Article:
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Old 16-03-2015, 00:17   #331
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Re: Gin Tankage?

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Originally Posted by Cowboy Sailer View Post
Wow, I even misspelled cinchona. I have read all of the posts and would like to try making my own. I will be careful. Not having to get up at night and walk out a painful cramp or soak my hands in really hot water to relieve a hand cramp is a real blessing. It took me several trials to determine the minimum dose to be effective.
Tried Magnesium ?Cures the leg cramps for me.
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Old 19-03-2015, 00:48   #332
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Re: Gin Tankage?

RED ALERT!

Dockhead - here's the answer to all your problems


Feds Approve Powdered Alcohol | Palcohol
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Old 19-03-2015, 20:45   #333
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Re: Gin Tankage?

is a nice way to go.i makeWhy not distill your own? I do and I save heaps on deal. I've a 30lt still on land and a 5lt still aboard. Mostly I make rum and gin but have black sambuca, irish type whisky, coconut rum, Melon liquor, lemoncello and creme de menthe aboard, all made by me. I keep some 'display' bottles in a rack but the bulk is stored in the bilge in 1.25lt plastic soft drink bottles. Probably have about 30lt abiard all up at any one time - makes good trade goods with other yachties too!
Got to say that 2 drinks a day in port and dry at sea is not my cup of tea, moderation in all things but a couple of sundowners underway and rum in your coffee during the dog watch is a nice way to enjoy life at sea.
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Old 20-03-2015, 05:18   #334
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Re: Gin Tankage?

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is a nice way to go.i makeWhy not distill your own? I do and I save heaps on deal. I've a 30lt still on land and a 5lt still aboard. Mostly I make rum and gin but have black sambuca, irish type whisky, coconut rum, Melon liquor, lemoncello and creme de menthe aboard, all made by me. I keep some 'display' bottles in a rack but the bulk is stored in the bilge in 1.25lt plastic soft drink bottles. Probably have about 30lt abiard all up at any one time - makes good trade goods with other yachties too!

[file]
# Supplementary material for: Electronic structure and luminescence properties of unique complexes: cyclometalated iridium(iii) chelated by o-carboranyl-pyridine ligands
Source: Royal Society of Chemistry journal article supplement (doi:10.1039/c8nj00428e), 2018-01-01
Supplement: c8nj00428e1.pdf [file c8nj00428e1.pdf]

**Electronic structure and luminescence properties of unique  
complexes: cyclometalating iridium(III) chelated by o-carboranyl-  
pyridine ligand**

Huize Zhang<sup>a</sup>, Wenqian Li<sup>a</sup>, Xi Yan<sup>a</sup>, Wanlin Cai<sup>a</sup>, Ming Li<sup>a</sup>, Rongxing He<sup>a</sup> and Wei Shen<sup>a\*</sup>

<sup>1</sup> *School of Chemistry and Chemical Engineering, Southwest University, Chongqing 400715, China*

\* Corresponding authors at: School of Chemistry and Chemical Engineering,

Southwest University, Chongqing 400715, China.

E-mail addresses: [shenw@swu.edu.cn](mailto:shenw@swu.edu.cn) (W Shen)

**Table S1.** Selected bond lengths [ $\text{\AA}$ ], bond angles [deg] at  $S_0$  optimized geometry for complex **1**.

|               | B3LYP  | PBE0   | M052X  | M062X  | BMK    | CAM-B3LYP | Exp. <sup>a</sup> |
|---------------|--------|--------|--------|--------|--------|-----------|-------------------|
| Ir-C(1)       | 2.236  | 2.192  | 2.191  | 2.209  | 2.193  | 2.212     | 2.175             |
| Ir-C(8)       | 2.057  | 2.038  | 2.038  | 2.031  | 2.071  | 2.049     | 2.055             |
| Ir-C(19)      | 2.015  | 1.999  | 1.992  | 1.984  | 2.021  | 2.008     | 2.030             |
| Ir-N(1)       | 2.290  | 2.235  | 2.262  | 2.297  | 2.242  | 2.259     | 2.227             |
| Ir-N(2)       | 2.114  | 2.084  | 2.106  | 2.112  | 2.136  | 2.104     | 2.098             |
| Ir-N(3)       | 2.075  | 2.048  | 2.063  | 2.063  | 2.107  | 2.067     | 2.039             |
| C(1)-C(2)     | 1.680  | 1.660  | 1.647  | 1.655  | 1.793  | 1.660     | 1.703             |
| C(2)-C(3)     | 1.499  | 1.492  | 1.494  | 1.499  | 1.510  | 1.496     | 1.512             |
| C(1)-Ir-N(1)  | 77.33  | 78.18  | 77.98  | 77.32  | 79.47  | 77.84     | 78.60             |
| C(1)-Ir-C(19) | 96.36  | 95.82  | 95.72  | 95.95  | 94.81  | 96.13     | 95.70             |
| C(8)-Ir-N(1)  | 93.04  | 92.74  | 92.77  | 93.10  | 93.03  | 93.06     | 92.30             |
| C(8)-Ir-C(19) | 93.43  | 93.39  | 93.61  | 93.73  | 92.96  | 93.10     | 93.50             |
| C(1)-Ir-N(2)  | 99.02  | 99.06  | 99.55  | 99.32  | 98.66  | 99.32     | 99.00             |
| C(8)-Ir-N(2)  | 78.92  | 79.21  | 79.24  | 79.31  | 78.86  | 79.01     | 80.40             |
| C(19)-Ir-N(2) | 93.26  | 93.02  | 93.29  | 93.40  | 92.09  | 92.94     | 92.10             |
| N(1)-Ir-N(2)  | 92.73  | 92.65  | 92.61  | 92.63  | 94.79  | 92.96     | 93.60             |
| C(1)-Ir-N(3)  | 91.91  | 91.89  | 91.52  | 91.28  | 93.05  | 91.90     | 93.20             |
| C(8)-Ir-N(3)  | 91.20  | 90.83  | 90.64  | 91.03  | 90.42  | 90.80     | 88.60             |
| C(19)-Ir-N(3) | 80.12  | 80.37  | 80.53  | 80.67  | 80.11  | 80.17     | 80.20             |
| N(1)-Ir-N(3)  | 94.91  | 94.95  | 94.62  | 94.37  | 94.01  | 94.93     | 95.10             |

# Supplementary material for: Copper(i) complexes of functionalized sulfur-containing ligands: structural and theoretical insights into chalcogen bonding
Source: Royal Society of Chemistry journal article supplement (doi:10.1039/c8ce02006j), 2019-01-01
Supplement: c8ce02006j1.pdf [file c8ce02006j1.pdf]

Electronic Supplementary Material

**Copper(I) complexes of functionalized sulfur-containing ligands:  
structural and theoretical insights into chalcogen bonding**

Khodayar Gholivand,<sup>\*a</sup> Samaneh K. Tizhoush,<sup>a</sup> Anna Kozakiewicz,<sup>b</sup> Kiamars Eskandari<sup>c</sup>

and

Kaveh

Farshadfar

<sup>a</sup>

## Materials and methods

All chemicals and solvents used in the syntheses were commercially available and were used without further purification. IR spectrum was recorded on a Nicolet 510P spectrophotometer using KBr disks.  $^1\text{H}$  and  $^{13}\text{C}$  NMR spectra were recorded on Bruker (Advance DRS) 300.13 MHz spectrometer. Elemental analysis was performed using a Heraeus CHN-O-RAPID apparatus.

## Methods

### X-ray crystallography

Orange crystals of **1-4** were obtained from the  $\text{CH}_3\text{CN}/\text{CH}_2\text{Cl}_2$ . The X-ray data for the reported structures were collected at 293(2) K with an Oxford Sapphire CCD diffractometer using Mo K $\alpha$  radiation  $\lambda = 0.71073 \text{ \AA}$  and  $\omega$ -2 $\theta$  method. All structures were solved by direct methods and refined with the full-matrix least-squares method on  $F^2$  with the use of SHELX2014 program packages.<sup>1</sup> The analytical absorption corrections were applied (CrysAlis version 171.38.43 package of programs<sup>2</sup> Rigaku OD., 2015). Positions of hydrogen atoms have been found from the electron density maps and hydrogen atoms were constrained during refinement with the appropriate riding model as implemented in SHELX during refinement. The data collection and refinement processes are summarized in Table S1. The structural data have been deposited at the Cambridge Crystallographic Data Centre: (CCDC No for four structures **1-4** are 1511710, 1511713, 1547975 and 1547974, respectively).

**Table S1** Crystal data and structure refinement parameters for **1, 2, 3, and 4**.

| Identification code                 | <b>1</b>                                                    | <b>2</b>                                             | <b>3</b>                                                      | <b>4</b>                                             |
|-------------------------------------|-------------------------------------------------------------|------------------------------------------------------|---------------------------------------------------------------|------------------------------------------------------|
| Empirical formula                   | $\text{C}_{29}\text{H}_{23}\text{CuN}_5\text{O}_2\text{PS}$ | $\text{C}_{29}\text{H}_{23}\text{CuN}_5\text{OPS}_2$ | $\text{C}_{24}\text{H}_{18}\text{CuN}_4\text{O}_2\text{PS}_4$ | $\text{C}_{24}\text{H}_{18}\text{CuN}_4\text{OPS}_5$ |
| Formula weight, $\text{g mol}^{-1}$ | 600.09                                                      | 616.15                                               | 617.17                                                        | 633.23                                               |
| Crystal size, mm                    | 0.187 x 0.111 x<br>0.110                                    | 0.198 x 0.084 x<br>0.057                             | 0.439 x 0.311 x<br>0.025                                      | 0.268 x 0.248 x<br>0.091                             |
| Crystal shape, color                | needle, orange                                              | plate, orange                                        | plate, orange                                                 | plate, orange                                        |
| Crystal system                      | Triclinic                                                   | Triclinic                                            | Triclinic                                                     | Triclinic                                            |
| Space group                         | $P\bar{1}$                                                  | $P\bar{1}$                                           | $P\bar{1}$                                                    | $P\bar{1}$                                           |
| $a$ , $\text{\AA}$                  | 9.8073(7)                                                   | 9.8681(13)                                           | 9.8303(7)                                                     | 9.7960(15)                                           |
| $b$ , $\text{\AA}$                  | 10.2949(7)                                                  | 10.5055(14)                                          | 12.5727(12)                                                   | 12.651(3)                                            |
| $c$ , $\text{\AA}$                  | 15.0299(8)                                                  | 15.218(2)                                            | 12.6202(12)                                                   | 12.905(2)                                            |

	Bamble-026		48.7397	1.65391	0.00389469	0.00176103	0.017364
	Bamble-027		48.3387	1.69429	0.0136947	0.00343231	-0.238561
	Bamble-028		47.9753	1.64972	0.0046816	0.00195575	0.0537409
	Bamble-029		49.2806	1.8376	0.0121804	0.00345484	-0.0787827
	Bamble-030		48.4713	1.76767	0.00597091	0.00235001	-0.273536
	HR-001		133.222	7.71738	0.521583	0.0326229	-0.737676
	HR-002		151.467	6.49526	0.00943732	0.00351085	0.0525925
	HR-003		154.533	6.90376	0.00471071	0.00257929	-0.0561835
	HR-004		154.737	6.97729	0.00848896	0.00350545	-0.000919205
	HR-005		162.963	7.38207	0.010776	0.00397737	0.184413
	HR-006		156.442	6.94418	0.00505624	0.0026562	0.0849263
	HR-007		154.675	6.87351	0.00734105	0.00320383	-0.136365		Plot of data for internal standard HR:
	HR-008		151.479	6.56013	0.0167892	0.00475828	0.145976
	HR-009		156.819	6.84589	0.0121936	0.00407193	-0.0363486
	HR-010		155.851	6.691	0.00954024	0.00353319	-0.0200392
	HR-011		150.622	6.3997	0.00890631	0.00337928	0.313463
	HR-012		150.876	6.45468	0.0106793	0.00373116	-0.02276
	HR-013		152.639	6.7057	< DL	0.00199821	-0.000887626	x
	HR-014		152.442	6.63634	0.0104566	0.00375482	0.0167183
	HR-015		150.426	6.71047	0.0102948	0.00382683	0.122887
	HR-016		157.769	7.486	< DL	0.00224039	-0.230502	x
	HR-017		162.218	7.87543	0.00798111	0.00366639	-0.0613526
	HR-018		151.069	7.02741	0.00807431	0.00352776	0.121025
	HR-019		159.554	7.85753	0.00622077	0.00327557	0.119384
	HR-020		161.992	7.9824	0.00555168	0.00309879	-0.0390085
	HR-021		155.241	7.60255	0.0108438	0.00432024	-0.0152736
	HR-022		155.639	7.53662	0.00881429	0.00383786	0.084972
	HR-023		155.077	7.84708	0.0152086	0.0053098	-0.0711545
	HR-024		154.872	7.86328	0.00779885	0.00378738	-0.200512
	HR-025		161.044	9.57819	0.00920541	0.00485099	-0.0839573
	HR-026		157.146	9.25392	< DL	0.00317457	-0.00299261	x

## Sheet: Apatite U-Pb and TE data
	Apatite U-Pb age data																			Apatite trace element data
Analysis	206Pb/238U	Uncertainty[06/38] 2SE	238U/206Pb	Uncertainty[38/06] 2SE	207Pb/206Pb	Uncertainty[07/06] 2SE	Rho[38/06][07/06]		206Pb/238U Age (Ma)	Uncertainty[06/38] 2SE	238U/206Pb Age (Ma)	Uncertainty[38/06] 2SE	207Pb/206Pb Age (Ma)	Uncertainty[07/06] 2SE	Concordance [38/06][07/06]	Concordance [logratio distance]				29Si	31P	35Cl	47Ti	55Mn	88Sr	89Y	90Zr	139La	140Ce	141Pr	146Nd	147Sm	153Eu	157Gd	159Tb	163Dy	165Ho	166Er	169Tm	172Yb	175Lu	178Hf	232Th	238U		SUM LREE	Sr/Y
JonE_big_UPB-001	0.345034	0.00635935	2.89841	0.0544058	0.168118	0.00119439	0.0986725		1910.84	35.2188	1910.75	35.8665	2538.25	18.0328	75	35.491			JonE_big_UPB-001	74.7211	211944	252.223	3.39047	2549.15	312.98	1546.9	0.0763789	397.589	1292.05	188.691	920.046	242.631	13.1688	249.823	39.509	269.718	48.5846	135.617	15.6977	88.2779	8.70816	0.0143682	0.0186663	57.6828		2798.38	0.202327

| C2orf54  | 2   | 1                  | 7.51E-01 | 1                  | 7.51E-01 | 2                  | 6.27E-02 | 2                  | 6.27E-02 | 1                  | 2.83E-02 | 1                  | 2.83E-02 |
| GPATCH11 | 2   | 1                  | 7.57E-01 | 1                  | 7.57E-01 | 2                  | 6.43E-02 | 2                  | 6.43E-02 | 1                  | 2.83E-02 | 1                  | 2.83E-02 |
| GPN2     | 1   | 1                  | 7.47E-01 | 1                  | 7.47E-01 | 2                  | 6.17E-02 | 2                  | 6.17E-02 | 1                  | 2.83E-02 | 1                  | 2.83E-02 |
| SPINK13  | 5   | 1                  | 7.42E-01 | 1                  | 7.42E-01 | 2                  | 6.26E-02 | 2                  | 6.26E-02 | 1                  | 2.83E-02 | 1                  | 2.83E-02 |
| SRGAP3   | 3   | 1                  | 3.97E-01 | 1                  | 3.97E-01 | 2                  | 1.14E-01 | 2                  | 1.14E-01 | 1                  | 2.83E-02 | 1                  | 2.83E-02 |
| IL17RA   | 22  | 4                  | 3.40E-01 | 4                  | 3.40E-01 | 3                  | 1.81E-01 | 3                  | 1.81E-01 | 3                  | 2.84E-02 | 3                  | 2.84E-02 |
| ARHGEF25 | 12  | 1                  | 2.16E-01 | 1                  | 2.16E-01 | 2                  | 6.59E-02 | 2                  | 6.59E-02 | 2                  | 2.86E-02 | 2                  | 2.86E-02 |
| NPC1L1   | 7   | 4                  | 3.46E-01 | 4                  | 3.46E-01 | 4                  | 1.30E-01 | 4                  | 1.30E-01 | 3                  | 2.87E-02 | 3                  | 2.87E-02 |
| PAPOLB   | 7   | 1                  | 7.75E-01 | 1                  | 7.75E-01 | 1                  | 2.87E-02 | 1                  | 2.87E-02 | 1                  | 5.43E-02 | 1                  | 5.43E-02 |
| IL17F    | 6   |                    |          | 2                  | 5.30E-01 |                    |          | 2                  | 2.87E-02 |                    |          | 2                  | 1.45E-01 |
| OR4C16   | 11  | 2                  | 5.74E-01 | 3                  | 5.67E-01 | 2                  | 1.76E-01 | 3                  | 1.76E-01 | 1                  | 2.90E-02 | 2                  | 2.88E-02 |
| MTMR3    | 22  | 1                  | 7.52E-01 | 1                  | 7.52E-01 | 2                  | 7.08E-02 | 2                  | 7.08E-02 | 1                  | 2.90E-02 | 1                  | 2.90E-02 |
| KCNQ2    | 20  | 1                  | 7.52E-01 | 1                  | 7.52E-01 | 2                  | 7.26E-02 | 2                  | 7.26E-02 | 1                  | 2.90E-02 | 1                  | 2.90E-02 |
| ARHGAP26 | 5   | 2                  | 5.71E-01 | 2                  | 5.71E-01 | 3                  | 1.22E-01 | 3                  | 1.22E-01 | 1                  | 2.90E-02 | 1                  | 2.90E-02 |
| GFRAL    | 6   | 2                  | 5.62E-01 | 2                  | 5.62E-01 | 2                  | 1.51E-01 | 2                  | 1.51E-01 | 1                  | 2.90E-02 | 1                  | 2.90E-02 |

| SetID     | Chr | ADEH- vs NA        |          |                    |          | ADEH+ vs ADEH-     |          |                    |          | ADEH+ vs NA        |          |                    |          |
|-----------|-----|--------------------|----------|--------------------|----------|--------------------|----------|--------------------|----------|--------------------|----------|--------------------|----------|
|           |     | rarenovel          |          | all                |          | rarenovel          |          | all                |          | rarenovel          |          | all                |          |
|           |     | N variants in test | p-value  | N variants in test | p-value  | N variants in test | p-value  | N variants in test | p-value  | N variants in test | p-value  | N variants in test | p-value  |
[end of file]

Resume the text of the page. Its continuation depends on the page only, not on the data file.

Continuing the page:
Got to say that 2 drinks a day in port and dry at sea is not my cup of tea, moderation in all things but a couple of sundowners underway and rum in your coffee during the dog watch is a nice way to enjoy life at sea.
Tell us more about your distilling techniques and equipment. Sounds interesting.

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Old 20-03-2015, 10:42   #335
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Re: Gin Tankage?

Is it legal to distill your own liquor in the land down under? It is not legal in the USA.
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Old 20-03-2015, 17:08   #336
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Re: Gin Tankage?

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Tell us more about your distilling techniques and equipment. Sounds interesting.

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And how much energy/power it takes to do it.
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Old 20-03-2015, 17:13   #337
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Re: Gin Tankage?

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Is it legal to distill your own liquor in the land down under? It is not legal in the USA.
Who cares about legal? Folks in Colorado can now go weed shopping. I never dreamed that possible when I was 15. Times sure do change.